If you feel you need to have a discussion with your child, you may try gently steering a private conversation to the subject. If they don't want to talk about it just then, don't force the issue. Do, however, attempt to revisit the topic that evening or the next day. It's important to eventually talk. Ask your share of questions, too.

With knowledge comes responsibility. Don't let them become irresponsible through ignorance.

You'll do a great job!

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+1 "Don't let them become irresponsible through ignorance." –  Amy Patterson Apr 8 '11 at 15:20
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-1 For "a doctor at the hospital helps get the baby out" -- one of my friends told her son this, and when she went into labor nowhere near a hospital, in addition to labor she had to cope with a 4yo who was panicking because he thought his mom was going to explode or die in some other way for lack of a doctor. Is it that hard to be honest and say that moms have an extra opening in their privates where babies can come out? Just be honest. –  HedgeMage Apr 8 '11 at 20:55
    
HedgeMage - Oh, no! That's not a good situation, and a very good point. We did tell her, "there is a hole that the baby comes out of." –  Mike Christian Apr 8 '11 at 21:09
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@HedgeMage: how about "usually, mummy goes to hospital and a doctor or nurse helps get the baby out. In some places, the doctor or nurse comes to your house and in others, mummy's friends and relatives help" –  JBRWilkinson Apr 9 '11 at 11:41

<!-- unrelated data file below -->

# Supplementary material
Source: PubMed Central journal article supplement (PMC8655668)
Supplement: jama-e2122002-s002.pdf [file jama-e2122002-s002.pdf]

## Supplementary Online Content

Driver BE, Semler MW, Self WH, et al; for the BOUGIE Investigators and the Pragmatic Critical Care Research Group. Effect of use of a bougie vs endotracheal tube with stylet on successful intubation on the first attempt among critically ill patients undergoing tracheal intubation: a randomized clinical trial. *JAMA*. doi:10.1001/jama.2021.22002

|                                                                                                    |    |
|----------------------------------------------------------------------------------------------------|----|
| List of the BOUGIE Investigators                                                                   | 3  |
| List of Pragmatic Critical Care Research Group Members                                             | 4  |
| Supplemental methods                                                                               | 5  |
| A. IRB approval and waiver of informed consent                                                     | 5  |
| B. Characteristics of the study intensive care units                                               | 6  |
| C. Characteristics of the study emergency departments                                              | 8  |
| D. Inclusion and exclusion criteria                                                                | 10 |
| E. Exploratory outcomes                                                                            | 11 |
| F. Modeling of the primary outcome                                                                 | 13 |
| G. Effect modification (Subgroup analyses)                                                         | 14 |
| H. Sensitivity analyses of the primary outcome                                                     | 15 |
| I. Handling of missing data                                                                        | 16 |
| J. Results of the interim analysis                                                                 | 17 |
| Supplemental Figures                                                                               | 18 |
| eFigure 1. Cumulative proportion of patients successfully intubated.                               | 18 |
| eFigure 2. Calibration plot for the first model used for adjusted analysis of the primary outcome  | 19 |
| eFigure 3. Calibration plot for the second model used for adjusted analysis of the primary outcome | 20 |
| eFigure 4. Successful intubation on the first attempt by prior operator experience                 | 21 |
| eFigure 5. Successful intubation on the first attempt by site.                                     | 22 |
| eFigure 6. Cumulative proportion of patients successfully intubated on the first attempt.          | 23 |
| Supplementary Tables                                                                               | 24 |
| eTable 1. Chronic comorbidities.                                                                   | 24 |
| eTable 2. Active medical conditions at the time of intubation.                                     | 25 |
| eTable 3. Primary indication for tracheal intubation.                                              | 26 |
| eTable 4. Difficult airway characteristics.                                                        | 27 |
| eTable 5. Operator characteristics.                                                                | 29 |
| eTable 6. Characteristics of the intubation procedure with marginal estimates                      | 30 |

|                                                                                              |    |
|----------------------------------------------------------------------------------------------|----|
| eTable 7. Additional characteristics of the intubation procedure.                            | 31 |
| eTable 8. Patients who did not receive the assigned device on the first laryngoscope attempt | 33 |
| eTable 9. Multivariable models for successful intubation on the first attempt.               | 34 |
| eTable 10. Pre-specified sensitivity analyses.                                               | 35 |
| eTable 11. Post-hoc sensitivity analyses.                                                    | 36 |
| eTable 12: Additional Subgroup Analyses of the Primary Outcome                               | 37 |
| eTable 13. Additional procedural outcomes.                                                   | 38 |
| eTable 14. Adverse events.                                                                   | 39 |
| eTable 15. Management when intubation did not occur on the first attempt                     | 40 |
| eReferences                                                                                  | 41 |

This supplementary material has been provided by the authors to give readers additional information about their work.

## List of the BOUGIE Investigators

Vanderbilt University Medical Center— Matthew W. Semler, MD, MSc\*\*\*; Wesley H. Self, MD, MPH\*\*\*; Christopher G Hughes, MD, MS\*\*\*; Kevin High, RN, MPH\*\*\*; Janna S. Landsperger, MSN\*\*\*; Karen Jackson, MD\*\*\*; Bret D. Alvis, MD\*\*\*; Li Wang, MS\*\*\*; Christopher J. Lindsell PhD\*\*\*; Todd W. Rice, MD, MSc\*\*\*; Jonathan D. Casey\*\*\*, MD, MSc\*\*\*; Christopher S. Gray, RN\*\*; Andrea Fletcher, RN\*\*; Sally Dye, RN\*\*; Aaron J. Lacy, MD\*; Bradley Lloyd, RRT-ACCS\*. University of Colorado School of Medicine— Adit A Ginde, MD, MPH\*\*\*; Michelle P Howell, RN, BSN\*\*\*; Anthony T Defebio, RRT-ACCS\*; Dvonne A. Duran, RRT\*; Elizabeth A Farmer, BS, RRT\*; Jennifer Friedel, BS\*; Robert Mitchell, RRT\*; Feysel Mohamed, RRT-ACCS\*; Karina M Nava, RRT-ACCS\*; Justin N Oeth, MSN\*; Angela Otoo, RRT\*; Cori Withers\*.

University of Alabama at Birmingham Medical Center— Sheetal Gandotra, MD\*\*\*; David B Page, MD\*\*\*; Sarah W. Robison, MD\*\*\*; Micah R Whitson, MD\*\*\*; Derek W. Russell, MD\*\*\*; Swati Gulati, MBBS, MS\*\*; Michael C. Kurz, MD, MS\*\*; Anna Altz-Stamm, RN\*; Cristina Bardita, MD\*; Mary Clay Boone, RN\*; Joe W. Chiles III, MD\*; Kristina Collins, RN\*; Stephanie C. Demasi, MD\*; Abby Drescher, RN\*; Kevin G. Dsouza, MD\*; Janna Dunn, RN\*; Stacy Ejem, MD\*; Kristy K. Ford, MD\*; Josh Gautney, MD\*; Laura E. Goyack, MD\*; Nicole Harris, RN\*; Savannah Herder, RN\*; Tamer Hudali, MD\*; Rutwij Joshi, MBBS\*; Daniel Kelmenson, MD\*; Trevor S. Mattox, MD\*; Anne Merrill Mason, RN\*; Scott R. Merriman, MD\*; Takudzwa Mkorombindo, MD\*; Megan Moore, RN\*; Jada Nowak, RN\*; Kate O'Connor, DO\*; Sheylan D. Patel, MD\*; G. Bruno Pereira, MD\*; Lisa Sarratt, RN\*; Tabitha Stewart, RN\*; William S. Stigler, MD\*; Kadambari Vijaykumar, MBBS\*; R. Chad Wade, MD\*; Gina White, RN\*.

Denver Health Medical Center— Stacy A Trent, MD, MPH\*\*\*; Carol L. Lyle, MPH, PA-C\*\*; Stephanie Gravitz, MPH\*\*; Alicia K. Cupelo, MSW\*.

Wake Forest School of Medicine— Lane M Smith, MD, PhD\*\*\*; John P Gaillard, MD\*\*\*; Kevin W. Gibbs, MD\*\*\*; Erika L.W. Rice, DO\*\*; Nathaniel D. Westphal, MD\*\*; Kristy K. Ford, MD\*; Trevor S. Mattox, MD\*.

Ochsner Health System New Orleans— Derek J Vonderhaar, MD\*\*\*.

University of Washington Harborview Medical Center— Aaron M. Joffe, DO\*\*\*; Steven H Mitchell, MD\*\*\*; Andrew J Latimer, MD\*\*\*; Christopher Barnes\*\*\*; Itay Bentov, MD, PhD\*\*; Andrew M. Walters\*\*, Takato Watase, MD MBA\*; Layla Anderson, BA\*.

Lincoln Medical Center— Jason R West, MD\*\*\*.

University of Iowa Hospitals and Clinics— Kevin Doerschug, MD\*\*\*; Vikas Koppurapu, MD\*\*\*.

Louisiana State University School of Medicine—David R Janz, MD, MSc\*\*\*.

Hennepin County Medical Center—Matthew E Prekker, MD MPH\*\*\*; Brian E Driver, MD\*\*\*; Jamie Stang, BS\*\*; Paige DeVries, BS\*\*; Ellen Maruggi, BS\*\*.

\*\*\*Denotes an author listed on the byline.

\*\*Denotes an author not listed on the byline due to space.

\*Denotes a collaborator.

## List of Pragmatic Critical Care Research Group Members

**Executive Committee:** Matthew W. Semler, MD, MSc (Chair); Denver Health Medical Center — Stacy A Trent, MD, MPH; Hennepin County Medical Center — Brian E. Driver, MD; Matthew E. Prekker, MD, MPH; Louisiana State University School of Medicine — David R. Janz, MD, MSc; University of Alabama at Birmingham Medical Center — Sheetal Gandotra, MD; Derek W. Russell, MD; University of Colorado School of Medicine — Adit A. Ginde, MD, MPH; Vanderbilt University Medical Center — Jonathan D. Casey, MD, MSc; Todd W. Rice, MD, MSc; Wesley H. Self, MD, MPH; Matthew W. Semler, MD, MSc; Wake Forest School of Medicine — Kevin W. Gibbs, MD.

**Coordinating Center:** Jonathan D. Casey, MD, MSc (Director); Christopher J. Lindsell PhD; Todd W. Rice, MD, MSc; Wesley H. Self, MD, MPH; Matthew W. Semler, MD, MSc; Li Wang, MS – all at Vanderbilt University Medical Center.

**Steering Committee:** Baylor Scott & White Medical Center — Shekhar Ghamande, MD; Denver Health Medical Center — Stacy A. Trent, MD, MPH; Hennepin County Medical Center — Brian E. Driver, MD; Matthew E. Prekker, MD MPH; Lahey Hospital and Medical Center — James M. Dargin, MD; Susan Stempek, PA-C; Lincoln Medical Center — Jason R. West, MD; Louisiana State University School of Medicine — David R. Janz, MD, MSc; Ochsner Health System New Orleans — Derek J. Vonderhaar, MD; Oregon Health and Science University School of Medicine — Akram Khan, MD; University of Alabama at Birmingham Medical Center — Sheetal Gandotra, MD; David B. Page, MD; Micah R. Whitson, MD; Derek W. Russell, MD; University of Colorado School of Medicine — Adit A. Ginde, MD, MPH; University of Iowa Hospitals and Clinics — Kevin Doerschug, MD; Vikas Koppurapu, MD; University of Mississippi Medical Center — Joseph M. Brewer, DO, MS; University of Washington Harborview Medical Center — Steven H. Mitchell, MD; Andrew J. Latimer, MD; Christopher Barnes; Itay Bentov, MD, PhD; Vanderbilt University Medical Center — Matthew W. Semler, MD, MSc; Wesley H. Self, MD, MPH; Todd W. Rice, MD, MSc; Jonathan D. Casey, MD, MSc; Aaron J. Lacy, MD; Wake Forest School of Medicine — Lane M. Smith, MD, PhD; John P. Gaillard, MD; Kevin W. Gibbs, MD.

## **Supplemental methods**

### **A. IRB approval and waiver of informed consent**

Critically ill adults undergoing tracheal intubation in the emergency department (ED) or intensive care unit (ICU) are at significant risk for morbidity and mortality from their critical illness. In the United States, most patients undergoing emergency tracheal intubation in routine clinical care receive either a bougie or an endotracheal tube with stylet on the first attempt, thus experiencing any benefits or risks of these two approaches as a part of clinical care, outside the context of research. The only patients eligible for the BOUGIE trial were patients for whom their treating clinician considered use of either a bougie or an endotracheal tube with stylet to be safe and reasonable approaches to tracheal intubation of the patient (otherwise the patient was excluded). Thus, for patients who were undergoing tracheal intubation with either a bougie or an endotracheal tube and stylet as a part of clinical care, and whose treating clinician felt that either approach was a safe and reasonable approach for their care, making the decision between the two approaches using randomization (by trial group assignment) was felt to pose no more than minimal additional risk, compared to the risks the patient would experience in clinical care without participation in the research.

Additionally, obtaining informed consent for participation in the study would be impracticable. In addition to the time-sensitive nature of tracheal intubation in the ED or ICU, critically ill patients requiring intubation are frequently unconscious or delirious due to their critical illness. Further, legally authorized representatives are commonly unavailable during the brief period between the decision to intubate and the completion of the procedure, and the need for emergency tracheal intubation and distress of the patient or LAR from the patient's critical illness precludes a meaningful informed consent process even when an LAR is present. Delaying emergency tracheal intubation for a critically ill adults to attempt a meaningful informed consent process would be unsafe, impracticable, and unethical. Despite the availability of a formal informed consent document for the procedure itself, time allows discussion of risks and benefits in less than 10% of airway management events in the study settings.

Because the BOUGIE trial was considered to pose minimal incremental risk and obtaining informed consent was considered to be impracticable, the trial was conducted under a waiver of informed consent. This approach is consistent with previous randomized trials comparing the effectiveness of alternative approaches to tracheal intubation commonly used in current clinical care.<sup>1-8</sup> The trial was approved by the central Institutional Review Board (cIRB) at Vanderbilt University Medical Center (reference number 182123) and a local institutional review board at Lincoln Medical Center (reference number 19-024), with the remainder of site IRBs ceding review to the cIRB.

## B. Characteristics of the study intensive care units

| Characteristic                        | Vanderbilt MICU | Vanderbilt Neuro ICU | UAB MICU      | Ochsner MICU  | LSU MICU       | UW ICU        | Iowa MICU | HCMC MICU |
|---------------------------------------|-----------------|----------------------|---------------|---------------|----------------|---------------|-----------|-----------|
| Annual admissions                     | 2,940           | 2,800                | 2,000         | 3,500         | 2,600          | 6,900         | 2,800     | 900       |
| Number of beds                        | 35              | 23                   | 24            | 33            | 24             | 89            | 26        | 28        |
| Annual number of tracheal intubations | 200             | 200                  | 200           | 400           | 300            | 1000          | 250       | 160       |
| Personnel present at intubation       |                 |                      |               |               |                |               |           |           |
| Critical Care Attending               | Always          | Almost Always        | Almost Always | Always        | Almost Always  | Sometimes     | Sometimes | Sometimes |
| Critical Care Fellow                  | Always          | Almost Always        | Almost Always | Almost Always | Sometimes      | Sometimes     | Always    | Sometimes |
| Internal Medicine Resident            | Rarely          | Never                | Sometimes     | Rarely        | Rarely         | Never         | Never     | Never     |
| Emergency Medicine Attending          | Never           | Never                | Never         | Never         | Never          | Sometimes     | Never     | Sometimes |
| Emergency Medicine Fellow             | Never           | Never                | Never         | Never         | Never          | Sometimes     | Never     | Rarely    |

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I find that generalizing things helps their understanding. Children usually don't differentiate between doctor and nurse. Options on location may also confuse them. Keep it simple. "The doctor helps," is probably enough. No need to worry them about when and were the baby arrives, because they actually will start worrying about what happens when you can't be at the intended location. Generalization is not being dishonest, just a means of helping them understand things on their level. Talk to them like they talk with their friends, to help gauge things. –  Mike Christian Apr 21 '11 at 17:42
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As soon as they start asking questions or show curiosity.

Younger kids don't understand psychological aspects of sex, so wording might be different, when you talk about sex with six-year old and with a teenager. But it is perfectly OK to explain ehm... basic mechanics of sex, or pregnancy 101, as soon as the kid asks questions.

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True, true. If they are asking, they are ready to know. If you avoid answering, they WILL seek out an answer from someone else. That other person may misinform your child. Chances are they are asking because they already heard something, and want clarification or more information. –  Mike Christian Apr 21 '11 at 17:46
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I believe a wonderful reference for this question has been written by Dr Laura Berman who is a fixture of the Oprah Radio station on Sirius/XM and the Oprah Winfrey Network on television. She discusses every facet of this question including things to watch out for, specific conversations and phrasings to use, and when to start to phase in information about sexuality to raise healthy, well-adjusted boys and girls. She states it far more eloquently than I could ever hope to, so I've attached links to the materials below.

Amazon - Talking To Your Kids About Sex - Dr Laura Berman:
http://www.amazon.com/Talking-Your-Kids-About-Sex/dp/0756657385

Online (Free) Handbook On Talking To Your Kids About Sex
http://www.oprah.com/relationships/Download-Dr-Laura-Bermans-Talking-to-Kids-About-Sex-Handbook